Pseudo-codes S512 and S514 direct the processor circuit to attempt to identify all the rows that require deletion in the parent table (“table”) (S512 or S514). Pseudo-code S512 is executed when the function of pseudo-code S304, recursiveDeleteTables, is called using the top most parent table (identified by calling the function recursiveDeleteTables having the argument “setArg” set to TRUE). Otherwise, operation pseudo-code S514 is executed. Regardless, a query is constructed and executed using the condition identified by the argument “whereclause”. The “whereclause” variable indicates the values which are to be located in “table” (e.g., where a customer =“XYZ Inc.”). The first time pseudo-code S304 is performed (i.e., for the top most parent table), the “whereclause” variable will be determined by a value retrieved from configuration table 340 in
Once a query has been constructed by pseudo-code S512 or S514, the query is executed and any returned results (e.g., any rows identified in the “table” using the “whereclause”) are stored in an result array identified as “rs”.
If “rs” is empty (i.e., no rows in the table were identified as being affected by the proposed cleanup), pseudo-code S516 in
If “rs” is not empty (i.e., one or more rows in the tables were identified as being affected by the proposed cleanup to the parent table), a loop defined by pseudo-code S516 is performed once for each row identified and stored in “rs”.
A second loop is defined by pseudo-code S518 in
Once “hashRow” has been created and the names of every column in “table” together with any associated values are retrieved by the query performed by pseudo-code operation S512/S514, a third loop defined by pseudo-code S520 in
For each pass through the loop defined by pseudo-code S520, a child table name and its associated RI constraint will be retrieved from array “childTables” and temporarily stored in variables “childTable” (N.B., no plural) and “constName”, respectively.
Based on the values of “childTable” and “constName” a condition clause is generated and stored in “childWhereClause” by calling function constructWhere defined by pseudo-code S700 in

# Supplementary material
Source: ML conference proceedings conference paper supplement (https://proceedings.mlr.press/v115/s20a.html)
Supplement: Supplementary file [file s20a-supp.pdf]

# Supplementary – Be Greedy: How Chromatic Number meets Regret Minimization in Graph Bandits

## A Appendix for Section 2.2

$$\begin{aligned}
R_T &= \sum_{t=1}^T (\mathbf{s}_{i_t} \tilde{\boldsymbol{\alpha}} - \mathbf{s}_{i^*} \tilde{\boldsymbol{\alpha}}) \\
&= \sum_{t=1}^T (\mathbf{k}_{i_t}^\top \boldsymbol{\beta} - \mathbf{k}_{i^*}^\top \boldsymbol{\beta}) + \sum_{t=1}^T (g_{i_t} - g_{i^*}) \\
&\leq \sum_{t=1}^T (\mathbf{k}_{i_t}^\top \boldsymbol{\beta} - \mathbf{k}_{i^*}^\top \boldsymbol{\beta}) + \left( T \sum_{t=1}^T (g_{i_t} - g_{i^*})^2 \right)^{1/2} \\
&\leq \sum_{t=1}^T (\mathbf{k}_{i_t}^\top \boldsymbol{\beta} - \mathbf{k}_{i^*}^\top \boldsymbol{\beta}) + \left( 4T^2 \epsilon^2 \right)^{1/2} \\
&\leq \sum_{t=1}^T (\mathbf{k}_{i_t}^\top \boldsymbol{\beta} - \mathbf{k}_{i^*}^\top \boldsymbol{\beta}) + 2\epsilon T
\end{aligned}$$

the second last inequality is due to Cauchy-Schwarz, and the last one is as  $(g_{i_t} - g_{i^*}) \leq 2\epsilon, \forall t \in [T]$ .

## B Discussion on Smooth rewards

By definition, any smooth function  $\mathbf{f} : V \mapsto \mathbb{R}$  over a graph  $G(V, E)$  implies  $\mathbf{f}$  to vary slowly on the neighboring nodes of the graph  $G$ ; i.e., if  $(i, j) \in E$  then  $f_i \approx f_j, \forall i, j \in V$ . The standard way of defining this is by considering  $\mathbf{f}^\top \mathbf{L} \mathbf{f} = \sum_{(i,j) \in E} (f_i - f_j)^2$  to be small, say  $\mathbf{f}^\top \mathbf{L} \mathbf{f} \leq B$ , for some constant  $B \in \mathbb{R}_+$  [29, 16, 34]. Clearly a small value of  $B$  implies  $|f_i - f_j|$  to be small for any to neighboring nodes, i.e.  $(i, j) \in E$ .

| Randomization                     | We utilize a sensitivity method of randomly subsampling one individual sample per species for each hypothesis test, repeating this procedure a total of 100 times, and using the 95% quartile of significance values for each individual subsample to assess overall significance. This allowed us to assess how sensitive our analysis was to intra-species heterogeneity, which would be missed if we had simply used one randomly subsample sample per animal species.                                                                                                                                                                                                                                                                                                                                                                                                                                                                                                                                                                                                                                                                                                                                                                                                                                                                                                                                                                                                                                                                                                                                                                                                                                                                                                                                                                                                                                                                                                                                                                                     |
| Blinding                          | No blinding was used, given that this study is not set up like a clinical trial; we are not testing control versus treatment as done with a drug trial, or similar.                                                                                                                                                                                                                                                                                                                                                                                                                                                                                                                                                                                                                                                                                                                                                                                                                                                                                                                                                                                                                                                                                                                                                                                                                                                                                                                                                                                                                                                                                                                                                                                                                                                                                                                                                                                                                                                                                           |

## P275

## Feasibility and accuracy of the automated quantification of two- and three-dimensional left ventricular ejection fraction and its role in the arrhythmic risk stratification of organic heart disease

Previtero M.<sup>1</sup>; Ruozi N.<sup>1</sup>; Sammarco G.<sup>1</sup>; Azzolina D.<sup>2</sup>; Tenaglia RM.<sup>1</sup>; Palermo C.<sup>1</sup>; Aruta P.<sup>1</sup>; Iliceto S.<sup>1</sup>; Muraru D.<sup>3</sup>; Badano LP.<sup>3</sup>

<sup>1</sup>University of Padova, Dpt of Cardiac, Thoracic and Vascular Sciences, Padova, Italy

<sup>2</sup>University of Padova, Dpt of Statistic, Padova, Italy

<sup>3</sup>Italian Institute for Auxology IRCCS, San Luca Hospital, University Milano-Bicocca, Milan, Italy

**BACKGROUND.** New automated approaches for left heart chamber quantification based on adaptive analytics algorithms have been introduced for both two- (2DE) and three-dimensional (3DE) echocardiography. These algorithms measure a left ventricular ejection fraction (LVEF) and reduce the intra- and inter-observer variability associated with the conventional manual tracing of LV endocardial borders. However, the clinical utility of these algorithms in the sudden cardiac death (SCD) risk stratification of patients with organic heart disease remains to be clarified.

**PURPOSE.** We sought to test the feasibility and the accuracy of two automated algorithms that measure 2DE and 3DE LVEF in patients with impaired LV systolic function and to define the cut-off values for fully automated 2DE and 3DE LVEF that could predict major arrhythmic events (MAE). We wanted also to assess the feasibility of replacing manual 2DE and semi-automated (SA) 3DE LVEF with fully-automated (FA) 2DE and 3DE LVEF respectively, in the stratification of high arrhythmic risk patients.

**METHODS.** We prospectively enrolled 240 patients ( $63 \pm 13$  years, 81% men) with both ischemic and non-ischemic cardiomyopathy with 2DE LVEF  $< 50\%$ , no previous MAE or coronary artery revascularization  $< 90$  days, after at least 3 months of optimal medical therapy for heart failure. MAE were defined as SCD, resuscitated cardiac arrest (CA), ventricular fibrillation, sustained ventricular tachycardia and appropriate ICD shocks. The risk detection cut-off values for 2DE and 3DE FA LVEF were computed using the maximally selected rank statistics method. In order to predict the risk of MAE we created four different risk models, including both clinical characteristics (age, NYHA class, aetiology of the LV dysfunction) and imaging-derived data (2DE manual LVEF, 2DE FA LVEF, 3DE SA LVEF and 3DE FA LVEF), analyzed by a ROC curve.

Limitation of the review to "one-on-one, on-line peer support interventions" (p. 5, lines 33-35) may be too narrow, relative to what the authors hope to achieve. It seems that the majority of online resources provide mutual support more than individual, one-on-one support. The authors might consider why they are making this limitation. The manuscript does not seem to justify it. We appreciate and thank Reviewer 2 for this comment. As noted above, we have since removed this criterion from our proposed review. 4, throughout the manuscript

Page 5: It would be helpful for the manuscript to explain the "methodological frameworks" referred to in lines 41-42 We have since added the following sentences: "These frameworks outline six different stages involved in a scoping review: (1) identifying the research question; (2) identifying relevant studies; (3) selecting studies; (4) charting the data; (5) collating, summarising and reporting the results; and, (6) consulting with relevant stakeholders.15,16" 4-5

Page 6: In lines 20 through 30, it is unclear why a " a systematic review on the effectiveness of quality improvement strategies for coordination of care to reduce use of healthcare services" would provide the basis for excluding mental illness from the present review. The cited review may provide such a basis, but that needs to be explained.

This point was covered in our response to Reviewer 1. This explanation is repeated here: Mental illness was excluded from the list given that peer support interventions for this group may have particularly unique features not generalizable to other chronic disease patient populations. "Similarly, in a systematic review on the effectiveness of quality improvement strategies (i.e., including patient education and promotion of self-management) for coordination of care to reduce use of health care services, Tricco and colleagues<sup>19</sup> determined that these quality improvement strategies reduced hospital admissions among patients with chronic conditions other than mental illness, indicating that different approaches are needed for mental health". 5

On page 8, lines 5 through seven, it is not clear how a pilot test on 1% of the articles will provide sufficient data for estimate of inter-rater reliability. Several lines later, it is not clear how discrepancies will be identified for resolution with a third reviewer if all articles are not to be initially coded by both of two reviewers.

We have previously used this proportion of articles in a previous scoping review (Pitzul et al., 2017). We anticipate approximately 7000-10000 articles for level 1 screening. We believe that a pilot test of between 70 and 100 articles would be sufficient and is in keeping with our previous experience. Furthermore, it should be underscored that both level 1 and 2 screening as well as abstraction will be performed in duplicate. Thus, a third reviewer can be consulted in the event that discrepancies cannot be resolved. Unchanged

Additionally, and using the arguments “table”, “childTable” and “constName”, a variable “deleteRule” is set to the value returned by calling function checkDeleteRule defined by pseudo-code S800 described in greater detail below with reference to
If the delete rule for the child table identified by “childTable” is delete restrict and the user has selected not to force DB cleanup tool 114 to perform the proposed deletion if a delete restrict rule is encountered (identified by force option NO), pseudo-code 526 returns a FALSE value and the deletion is terminated (and any attempted deletions rolled back). If, however, the delete rule returned in response to pseudo-code S524 is delete set null (described above), then all foreign key values in the child table “childTable” which are related to values in the affected data in the parent table “table” are set to null by pseudo-code S528. Otherwise, in the case of delete cascade, delete restrict or force option set to YES, a further determination needs to be made to identify if the child table “childTable” is the parent to other child tables. This further determination can be made through a further call to the recursiveDeleteTables defined by pseudo-code S304 using the arguments of “childWhereClause” generated in response to pseudo-code S522, FALSE, and “childTable” as provided by pseudo-code S530. In this latter instance, the recursiveDeleteTables function defined by pseudo-code S304 is repeated but using new arguments.
Once the loop defined by pseudo-code S520 has completed for a given row in an array “rs” created by pseudo-code S512/S514 that is, through pseudo-code S520, the lower most child table has been identified through recursion, the recursiveDeleteTables function defined by pseudo-code S304, naming the lower most child table as a parent table will return TRUE as indicated by pseudo-code S508. Consequently, the row should be deleted by pseudo-code S532. As the reverse recursive route is traversed (i.e., from lower most child back to the top most parent table), each table will have its affected data rows deleted. As a result of this operation, data is deleted from the bottom up.